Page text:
Amos 5:21,22 – Vain Religion

By Wayne Jackson

It is commonly believed by many that so long as a person is religious — in some generic way — he is well-pleasing to God. The notion is popular that man is free to direct his own manner of service to the Creator.

And for many, there is little connection between one’s religious exercises and his daily life. Worship God — then live as you please — is the sentiment of legions.

Amos goes right to the heart of this philosophy when he speaks for God:

“I hate, I despise your feasts, and I will take no delight in your solemn assemblies. Yes, though you offer me your burnt-offerings and meal-offerings, I will not accept them; neither will I regard the peace-offerings of your fat beasts” (Amos 5:21,22).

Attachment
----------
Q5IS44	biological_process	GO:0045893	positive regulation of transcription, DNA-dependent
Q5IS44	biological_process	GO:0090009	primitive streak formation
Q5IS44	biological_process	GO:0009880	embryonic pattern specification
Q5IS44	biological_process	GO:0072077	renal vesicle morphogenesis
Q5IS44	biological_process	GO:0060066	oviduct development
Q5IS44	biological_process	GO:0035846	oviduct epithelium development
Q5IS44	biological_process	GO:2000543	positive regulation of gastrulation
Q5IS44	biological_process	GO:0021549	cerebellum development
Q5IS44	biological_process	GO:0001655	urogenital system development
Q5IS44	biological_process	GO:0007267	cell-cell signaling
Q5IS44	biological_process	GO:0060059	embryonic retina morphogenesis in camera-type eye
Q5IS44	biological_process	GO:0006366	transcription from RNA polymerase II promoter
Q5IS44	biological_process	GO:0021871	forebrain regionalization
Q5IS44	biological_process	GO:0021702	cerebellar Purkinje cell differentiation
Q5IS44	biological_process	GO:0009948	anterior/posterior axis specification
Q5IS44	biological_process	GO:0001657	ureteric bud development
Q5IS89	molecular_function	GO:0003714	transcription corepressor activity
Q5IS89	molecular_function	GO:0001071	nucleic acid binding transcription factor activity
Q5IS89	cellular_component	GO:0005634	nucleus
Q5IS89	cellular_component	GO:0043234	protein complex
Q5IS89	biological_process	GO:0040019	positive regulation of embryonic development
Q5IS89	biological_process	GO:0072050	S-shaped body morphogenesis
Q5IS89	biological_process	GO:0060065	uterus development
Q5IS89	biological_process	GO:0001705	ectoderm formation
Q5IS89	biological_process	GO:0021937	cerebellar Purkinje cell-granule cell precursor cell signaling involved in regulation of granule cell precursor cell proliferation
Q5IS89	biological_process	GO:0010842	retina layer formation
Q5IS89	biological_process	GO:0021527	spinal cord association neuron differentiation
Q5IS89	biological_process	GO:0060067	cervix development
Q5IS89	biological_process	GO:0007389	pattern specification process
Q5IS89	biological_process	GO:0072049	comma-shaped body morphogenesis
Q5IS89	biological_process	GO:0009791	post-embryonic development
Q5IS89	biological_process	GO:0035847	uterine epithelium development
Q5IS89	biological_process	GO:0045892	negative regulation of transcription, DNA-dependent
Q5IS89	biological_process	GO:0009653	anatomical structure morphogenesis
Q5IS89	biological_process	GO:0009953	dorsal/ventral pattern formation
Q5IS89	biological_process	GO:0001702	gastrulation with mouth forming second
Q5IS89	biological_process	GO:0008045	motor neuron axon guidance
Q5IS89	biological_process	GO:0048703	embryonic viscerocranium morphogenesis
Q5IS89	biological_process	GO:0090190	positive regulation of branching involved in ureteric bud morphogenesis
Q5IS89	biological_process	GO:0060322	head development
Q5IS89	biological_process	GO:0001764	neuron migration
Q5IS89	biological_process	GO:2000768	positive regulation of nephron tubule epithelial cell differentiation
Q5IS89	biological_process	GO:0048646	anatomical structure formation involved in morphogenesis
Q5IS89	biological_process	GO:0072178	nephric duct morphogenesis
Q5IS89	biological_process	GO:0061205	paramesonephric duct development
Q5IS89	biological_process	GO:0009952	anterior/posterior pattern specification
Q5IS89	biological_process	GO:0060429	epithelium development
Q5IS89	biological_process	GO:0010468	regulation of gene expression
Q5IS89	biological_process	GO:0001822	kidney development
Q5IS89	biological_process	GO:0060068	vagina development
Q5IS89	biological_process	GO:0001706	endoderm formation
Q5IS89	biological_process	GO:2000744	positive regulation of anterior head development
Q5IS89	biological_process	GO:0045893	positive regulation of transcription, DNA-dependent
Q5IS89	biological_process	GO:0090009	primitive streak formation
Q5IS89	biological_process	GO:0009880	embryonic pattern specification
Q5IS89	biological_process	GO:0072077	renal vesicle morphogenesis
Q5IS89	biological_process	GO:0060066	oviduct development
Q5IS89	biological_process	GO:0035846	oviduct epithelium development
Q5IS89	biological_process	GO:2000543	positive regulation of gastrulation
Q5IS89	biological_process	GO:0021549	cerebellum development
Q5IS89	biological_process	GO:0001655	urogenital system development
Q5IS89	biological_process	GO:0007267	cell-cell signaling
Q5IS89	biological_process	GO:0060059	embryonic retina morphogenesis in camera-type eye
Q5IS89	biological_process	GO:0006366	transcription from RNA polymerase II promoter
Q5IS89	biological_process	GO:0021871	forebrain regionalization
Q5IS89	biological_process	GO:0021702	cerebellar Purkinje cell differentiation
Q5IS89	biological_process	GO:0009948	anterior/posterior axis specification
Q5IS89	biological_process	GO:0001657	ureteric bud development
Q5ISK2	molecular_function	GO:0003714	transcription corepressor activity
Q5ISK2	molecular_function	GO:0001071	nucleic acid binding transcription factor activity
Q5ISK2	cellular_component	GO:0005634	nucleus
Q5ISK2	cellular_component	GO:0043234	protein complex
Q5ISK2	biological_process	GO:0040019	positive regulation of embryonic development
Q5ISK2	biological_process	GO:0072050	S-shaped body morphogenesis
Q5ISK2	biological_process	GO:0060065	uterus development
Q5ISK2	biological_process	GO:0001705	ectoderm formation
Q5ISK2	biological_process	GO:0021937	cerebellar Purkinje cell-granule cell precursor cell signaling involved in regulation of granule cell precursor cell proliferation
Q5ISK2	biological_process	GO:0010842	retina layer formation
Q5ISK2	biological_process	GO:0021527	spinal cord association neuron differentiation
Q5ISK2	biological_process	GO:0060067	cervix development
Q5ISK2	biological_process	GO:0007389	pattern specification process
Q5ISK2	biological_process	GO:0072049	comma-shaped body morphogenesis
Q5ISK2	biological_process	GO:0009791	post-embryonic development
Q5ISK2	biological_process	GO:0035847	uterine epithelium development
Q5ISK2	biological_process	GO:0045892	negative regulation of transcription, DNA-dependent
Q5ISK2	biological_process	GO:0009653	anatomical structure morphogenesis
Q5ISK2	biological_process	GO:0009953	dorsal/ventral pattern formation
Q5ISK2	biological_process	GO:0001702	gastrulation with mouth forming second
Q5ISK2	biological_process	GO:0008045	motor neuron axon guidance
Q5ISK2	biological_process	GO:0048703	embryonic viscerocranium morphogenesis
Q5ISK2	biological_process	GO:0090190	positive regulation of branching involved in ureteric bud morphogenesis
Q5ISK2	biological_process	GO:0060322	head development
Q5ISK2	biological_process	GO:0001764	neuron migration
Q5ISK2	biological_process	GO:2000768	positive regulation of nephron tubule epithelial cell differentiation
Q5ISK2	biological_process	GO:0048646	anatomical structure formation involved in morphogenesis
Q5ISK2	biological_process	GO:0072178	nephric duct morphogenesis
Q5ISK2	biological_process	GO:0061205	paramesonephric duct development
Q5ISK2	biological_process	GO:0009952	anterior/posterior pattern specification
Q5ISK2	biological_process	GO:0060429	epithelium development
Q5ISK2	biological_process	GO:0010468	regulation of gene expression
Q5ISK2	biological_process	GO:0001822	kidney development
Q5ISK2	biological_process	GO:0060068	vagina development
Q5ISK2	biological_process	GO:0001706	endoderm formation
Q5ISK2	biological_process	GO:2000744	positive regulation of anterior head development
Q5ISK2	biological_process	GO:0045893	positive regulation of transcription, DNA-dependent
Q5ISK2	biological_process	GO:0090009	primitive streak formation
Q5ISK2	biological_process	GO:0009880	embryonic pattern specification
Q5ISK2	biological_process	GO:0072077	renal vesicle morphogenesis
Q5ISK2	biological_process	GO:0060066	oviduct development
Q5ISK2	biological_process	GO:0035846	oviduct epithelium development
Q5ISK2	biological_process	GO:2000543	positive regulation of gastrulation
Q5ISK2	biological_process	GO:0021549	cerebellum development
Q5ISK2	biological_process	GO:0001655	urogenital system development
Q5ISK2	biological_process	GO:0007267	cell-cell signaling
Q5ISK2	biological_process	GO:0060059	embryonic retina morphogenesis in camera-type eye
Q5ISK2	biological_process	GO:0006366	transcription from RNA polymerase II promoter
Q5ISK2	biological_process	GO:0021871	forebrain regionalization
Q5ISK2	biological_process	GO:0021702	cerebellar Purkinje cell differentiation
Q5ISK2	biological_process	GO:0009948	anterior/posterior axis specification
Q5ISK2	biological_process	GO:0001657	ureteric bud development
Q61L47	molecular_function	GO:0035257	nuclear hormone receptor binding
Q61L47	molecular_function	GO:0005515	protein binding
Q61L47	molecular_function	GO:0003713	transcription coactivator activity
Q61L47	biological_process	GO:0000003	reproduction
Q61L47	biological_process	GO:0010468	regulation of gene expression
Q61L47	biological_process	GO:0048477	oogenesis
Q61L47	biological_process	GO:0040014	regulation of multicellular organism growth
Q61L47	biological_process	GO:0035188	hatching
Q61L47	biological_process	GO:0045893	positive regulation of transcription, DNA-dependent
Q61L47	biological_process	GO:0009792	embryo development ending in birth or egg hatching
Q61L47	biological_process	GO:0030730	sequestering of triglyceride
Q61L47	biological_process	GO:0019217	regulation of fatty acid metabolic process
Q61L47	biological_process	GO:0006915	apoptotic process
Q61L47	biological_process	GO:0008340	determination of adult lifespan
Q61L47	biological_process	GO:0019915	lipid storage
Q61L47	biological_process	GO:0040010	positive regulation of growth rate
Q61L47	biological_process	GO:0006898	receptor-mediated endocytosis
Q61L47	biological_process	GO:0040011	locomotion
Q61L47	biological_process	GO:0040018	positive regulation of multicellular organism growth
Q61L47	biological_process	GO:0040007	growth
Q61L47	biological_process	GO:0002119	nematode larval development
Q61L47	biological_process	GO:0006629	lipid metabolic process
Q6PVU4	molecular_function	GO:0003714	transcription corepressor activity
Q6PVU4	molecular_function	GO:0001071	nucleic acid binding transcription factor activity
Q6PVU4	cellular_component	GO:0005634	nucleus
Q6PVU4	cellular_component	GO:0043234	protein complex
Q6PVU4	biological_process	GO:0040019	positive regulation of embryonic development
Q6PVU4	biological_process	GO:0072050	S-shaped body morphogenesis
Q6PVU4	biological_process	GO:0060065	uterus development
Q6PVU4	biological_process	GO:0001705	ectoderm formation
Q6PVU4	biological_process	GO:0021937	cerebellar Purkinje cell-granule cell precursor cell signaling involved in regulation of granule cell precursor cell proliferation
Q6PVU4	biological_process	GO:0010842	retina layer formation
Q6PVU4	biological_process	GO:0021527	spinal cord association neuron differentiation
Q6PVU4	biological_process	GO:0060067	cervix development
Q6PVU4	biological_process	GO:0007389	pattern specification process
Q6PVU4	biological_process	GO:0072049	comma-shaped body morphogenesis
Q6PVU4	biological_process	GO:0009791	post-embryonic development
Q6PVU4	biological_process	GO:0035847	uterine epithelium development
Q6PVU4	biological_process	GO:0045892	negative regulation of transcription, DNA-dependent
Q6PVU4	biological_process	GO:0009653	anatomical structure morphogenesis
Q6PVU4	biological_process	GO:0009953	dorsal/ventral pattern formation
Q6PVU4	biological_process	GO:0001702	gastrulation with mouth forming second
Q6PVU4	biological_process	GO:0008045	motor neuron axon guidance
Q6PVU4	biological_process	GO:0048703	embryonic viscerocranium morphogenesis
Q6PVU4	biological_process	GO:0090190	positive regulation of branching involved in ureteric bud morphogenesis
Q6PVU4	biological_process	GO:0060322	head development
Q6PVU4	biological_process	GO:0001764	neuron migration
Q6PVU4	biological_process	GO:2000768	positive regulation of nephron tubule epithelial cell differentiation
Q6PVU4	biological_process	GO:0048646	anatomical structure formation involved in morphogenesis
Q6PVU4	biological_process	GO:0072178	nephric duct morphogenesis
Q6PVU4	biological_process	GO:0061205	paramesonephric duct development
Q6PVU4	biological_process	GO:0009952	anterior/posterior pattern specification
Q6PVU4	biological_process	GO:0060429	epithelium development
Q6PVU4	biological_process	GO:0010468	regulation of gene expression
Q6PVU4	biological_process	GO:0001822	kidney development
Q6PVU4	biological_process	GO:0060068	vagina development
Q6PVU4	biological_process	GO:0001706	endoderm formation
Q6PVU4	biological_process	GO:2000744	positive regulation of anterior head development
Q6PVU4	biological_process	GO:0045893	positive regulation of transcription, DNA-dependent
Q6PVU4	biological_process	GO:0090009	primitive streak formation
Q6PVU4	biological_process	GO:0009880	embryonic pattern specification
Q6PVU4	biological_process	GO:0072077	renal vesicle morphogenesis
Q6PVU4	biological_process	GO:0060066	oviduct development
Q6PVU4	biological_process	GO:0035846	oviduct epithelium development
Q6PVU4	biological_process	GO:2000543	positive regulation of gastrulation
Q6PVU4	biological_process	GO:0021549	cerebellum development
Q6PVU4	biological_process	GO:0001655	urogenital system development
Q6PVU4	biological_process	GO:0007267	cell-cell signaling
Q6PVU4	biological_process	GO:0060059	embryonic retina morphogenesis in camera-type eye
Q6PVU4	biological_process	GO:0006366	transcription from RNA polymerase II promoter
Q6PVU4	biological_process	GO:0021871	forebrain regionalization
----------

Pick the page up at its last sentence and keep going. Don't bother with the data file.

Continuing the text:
Insincere worship — worship divorced from justice and righteousness (see verse 24) — is vain. Thus, block off these two verses and in your margin note: Religious ritualism, detached from godly living, is vain.

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About the Author

Wayne Jackson has written for and edited the Christian Courier since its inception in 1965. He has also written several books on a variety of biblical topics including The Bible and Science, Creation, Evolution, and the Age of the Earth, The Bible on Trial, and a number of commentaries. He lives in Stockton, California with his dear wife, and life-long partner, Betty.